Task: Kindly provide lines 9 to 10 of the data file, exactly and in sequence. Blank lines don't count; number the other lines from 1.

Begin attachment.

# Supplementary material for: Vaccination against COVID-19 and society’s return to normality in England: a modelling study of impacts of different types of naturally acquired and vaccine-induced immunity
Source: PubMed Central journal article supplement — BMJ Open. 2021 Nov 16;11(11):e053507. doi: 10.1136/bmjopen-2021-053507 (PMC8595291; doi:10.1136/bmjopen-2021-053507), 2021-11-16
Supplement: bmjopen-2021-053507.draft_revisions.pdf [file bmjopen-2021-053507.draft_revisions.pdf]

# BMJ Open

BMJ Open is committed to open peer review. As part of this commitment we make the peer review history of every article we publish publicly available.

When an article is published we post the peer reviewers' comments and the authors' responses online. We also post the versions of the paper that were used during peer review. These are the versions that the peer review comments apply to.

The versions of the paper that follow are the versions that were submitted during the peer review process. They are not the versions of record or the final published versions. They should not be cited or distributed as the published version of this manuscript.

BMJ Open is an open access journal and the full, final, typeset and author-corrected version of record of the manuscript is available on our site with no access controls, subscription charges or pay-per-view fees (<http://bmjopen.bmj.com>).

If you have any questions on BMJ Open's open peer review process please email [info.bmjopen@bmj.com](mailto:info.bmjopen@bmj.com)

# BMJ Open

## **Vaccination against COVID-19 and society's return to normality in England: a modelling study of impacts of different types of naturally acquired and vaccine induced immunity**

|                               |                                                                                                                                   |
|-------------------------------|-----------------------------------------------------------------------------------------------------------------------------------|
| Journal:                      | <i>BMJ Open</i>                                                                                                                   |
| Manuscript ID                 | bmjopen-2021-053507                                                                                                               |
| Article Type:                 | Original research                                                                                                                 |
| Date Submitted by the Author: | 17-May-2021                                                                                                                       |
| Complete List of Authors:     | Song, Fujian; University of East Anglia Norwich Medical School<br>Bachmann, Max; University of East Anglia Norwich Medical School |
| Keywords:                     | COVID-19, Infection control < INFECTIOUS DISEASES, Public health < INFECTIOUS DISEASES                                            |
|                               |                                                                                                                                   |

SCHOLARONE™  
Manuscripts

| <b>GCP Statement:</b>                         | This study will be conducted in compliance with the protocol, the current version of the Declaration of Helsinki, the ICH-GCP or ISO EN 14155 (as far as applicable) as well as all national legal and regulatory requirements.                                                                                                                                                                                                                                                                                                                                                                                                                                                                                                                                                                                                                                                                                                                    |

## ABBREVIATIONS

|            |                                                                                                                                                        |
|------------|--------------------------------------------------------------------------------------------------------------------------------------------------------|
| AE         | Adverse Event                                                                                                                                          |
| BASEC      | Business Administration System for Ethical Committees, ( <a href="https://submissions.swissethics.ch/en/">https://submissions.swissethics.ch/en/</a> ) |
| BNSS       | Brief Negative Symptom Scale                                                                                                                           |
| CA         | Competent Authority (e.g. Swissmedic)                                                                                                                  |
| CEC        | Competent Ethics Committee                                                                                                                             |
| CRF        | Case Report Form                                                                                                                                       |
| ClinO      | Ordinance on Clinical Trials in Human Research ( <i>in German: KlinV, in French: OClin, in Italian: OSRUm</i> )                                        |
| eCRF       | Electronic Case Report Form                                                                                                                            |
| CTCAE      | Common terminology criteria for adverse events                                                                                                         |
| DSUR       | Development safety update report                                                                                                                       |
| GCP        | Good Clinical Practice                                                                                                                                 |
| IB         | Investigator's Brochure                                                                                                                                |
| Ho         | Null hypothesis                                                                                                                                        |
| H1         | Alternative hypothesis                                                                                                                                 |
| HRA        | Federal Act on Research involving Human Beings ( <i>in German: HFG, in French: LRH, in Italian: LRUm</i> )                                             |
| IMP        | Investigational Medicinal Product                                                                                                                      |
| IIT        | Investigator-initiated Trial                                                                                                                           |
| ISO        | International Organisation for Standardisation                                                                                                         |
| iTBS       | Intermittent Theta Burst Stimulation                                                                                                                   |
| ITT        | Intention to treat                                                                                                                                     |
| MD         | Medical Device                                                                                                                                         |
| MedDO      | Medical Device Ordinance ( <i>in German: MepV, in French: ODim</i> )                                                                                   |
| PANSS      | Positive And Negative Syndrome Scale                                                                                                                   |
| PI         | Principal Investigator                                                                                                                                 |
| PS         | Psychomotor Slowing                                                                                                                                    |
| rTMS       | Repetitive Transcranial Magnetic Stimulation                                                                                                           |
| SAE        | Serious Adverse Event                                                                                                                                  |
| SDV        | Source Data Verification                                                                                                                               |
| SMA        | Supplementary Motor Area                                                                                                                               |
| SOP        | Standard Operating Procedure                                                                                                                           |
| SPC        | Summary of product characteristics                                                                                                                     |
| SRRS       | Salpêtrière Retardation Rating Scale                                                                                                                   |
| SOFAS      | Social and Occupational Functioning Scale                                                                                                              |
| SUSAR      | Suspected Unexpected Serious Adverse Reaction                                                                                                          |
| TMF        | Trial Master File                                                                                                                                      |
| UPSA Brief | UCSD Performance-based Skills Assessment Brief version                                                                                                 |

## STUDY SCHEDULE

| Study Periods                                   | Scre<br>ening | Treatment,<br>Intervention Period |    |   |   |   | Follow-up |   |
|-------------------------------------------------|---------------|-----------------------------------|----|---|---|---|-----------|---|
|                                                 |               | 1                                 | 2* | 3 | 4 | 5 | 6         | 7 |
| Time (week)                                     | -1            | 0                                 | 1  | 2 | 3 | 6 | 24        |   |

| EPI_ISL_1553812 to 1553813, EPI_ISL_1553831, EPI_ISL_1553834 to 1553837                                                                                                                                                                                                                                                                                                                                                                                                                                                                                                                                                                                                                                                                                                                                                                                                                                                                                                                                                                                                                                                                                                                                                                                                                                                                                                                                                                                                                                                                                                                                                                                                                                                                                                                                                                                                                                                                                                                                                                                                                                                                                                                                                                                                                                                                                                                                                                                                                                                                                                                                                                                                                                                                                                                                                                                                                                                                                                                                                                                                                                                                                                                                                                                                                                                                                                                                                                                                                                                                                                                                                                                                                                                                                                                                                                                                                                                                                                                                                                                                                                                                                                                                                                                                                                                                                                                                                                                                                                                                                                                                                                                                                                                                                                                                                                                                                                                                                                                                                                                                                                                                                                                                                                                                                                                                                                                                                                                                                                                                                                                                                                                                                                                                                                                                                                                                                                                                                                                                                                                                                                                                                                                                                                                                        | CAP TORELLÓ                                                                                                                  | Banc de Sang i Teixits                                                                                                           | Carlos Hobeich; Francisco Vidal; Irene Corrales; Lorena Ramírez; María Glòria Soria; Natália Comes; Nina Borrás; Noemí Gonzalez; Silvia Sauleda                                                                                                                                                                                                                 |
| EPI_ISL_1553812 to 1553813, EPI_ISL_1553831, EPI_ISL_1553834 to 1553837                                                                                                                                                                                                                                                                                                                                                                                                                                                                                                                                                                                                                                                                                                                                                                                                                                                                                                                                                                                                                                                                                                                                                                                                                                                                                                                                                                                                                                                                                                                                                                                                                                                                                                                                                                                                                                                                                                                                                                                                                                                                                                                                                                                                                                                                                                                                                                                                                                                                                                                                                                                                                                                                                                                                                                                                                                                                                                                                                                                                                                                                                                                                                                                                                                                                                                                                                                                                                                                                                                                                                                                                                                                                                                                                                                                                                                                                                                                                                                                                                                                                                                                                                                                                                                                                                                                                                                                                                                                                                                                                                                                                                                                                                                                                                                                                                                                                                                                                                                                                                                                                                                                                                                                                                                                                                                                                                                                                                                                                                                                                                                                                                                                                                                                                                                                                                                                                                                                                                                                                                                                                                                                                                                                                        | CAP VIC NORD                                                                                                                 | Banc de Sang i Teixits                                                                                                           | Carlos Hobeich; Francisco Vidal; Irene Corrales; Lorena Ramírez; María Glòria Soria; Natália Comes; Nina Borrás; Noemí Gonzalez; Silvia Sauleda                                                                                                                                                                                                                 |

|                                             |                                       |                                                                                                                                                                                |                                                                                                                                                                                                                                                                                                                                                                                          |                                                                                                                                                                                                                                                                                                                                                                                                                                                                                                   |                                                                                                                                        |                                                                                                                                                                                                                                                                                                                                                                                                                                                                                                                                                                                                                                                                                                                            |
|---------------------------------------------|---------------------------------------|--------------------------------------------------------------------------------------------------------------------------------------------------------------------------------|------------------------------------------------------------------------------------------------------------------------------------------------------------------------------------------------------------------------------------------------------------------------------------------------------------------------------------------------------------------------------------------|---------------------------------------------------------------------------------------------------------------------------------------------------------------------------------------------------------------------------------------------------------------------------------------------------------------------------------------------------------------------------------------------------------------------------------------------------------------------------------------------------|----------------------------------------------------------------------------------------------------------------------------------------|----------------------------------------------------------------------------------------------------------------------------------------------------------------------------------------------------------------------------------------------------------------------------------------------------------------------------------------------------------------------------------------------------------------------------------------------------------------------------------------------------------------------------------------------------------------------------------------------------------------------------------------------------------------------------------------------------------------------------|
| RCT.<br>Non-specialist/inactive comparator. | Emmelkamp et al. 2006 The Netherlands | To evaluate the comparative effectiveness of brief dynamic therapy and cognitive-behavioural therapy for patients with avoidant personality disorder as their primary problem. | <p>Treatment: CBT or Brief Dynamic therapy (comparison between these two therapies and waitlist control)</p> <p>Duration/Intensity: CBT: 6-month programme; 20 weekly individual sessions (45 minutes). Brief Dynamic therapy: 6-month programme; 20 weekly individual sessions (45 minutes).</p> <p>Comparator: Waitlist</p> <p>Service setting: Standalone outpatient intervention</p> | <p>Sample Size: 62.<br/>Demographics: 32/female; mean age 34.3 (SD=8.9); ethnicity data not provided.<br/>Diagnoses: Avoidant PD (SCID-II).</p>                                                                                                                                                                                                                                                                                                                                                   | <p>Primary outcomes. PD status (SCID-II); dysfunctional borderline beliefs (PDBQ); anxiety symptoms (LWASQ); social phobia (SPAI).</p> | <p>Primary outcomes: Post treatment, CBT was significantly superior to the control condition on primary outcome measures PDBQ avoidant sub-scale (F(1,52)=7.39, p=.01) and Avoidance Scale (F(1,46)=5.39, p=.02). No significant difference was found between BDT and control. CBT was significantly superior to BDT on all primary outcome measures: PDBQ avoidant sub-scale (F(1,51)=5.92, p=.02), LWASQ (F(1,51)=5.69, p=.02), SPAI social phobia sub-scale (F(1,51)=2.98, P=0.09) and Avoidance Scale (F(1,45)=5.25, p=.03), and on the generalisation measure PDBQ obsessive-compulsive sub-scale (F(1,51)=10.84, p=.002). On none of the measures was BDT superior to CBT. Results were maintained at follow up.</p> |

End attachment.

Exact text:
If you have any questions on BMJ Open's open peer review process please email [info.bmjopen@bmj.com](mailto:info.bmjopen@bmj.com)

# BMJ Open